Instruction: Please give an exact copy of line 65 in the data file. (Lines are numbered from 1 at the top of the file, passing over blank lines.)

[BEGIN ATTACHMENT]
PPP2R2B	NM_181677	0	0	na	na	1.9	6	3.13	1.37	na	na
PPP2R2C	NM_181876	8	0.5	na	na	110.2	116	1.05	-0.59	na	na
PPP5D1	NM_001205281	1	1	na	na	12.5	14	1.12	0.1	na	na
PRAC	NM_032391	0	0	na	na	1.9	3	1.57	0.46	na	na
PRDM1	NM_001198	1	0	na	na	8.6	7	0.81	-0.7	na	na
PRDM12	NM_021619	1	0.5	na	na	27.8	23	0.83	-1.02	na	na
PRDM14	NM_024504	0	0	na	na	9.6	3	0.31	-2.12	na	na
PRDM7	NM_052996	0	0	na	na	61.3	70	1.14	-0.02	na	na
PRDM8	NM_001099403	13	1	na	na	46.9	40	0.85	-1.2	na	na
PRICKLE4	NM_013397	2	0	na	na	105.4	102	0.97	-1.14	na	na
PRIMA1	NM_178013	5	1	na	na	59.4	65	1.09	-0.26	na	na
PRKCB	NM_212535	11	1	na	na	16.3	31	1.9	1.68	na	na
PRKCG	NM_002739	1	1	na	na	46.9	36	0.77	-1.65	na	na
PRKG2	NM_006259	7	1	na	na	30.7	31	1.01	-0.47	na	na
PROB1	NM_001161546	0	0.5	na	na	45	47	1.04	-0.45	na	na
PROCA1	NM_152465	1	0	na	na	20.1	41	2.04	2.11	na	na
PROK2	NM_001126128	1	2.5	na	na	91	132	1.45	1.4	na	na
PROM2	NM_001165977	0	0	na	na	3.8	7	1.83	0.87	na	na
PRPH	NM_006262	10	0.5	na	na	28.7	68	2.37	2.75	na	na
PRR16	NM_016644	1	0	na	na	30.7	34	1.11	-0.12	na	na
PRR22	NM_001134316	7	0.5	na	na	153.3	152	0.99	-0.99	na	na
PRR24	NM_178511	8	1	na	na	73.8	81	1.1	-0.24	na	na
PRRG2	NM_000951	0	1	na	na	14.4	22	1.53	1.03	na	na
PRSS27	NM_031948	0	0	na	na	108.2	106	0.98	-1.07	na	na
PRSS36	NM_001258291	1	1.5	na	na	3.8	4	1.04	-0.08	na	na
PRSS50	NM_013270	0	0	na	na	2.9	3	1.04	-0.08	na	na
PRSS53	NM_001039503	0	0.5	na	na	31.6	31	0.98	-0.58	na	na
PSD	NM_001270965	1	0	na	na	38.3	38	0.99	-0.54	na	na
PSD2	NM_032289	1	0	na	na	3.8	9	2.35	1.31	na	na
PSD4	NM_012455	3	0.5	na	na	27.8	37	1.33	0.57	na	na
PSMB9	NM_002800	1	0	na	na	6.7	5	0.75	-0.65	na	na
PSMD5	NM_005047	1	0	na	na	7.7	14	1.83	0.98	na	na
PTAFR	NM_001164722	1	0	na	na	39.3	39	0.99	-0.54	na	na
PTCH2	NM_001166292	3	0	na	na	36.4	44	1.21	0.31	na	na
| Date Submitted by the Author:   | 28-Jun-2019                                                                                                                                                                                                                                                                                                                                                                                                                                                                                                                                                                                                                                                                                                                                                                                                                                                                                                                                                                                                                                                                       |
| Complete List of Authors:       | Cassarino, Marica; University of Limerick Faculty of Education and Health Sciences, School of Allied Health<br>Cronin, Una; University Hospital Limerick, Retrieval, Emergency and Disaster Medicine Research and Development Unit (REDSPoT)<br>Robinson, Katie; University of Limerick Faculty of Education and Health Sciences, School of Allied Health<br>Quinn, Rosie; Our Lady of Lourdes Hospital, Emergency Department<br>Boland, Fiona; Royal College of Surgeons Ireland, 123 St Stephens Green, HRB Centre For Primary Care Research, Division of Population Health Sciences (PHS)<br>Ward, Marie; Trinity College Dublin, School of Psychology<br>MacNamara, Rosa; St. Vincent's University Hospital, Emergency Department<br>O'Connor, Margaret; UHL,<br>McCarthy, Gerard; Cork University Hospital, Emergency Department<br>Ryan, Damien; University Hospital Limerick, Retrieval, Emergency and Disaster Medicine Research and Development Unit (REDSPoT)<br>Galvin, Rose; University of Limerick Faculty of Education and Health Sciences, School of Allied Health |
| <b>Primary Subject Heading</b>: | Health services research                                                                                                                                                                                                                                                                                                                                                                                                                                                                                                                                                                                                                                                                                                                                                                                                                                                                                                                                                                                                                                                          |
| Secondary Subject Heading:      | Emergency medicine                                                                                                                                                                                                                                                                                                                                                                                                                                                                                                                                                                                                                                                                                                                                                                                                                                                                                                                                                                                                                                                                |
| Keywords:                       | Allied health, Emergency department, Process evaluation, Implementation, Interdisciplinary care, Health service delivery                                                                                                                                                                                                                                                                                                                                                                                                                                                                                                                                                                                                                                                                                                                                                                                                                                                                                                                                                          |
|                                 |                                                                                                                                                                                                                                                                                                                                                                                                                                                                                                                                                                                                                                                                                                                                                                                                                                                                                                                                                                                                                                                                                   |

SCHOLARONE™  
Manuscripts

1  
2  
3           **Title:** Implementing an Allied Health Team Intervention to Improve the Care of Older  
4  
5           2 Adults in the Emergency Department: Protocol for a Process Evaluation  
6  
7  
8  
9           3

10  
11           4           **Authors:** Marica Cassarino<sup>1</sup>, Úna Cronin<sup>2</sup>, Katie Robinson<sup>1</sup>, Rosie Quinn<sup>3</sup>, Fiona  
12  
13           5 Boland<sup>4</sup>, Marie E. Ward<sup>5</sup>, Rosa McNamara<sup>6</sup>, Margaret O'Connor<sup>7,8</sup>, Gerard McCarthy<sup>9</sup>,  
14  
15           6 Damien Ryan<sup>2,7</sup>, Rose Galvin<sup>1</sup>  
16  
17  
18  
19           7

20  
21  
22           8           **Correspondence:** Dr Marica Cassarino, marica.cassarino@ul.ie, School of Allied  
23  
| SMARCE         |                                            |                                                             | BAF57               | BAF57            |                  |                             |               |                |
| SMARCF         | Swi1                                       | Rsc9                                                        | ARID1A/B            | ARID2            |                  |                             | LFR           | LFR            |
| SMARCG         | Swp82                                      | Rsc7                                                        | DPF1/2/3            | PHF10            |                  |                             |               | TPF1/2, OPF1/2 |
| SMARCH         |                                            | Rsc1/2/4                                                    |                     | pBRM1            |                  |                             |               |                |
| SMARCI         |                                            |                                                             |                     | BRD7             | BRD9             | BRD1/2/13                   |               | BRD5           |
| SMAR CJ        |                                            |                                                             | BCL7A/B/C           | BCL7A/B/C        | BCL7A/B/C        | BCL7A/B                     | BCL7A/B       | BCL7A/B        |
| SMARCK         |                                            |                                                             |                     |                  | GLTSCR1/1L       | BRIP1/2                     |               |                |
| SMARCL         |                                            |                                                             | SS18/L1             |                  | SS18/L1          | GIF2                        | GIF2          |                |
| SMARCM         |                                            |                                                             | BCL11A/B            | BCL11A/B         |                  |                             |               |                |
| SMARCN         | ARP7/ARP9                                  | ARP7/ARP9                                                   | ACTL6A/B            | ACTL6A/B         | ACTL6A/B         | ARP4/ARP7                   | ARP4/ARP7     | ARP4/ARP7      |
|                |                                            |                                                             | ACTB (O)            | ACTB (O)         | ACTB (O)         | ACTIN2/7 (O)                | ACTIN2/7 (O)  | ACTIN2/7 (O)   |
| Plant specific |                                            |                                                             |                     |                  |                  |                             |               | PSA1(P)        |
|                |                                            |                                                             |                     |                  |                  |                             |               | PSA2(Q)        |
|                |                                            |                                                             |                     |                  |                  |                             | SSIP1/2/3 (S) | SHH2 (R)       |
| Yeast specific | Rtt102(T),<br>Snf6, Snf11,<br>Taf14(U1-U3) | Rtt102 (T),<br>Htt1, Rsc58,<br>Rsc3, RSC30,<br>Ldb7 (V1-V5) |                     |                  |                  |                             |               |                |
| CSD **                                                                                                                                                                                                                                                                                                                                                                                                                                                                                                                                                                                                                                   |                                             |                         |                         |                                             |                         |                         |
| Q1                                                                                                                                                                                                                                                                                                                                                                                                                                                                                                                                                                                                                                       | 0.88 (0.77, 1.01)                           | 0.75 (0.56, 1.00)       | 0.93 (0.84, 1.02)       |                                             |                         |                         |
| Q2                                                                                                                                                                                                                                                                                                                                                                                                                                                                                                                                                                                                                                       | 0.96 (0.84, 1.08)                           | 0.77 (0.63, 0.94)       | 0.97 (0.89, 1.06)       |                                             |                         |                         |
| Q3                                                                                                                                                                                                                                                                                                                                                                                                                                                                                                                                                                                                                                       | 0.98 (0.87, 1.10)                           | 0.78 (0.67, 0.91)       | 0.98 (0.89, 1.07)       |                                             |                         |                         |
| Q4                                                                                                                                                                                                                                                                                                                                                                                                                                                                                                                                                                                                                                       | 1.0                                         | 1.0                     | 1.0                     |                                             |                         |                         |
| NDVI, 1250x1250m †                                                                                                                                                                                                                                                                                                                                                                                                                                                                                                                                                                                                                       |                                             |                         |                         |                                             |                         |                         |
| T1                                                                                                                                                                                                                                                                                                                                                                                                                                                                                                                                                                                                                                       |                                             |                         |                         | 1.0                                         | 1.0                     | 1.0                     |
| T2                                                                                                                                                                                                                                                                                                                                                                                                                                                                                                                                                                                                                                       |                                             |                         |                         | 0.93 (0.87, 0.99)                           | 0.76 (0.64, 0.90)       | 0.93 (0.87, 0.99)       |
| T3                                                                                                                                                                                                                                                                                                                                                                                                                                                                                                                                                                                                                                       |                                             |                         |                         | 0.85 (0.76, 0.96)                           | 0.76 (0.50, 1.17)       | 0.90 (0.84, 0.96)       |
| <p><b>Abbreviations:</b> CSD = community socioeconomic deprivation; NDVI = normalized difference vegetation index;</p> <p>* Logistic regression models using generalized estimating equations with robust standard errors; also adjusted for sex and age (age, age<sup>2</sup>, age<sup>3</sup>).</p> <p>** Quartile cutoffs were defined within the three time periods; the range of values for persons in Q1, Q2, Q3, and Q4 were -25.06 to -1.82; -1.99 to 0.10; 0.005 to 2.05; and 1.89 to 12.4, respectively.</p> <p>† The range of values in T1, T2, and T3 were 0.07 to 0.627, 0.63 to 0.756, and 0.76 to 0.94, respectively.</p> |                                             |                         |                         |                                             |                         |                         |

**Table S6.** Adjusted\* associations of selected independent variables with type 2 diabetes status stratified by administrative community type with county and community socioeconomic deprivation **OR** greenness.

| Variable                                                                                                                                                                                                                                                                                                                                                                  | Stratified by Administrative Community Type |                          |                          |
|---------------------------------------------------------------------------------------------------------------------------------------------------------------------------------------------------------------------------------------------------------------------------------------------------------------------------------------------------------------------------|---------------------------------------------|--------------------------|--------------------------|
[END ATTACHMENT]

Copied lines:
23  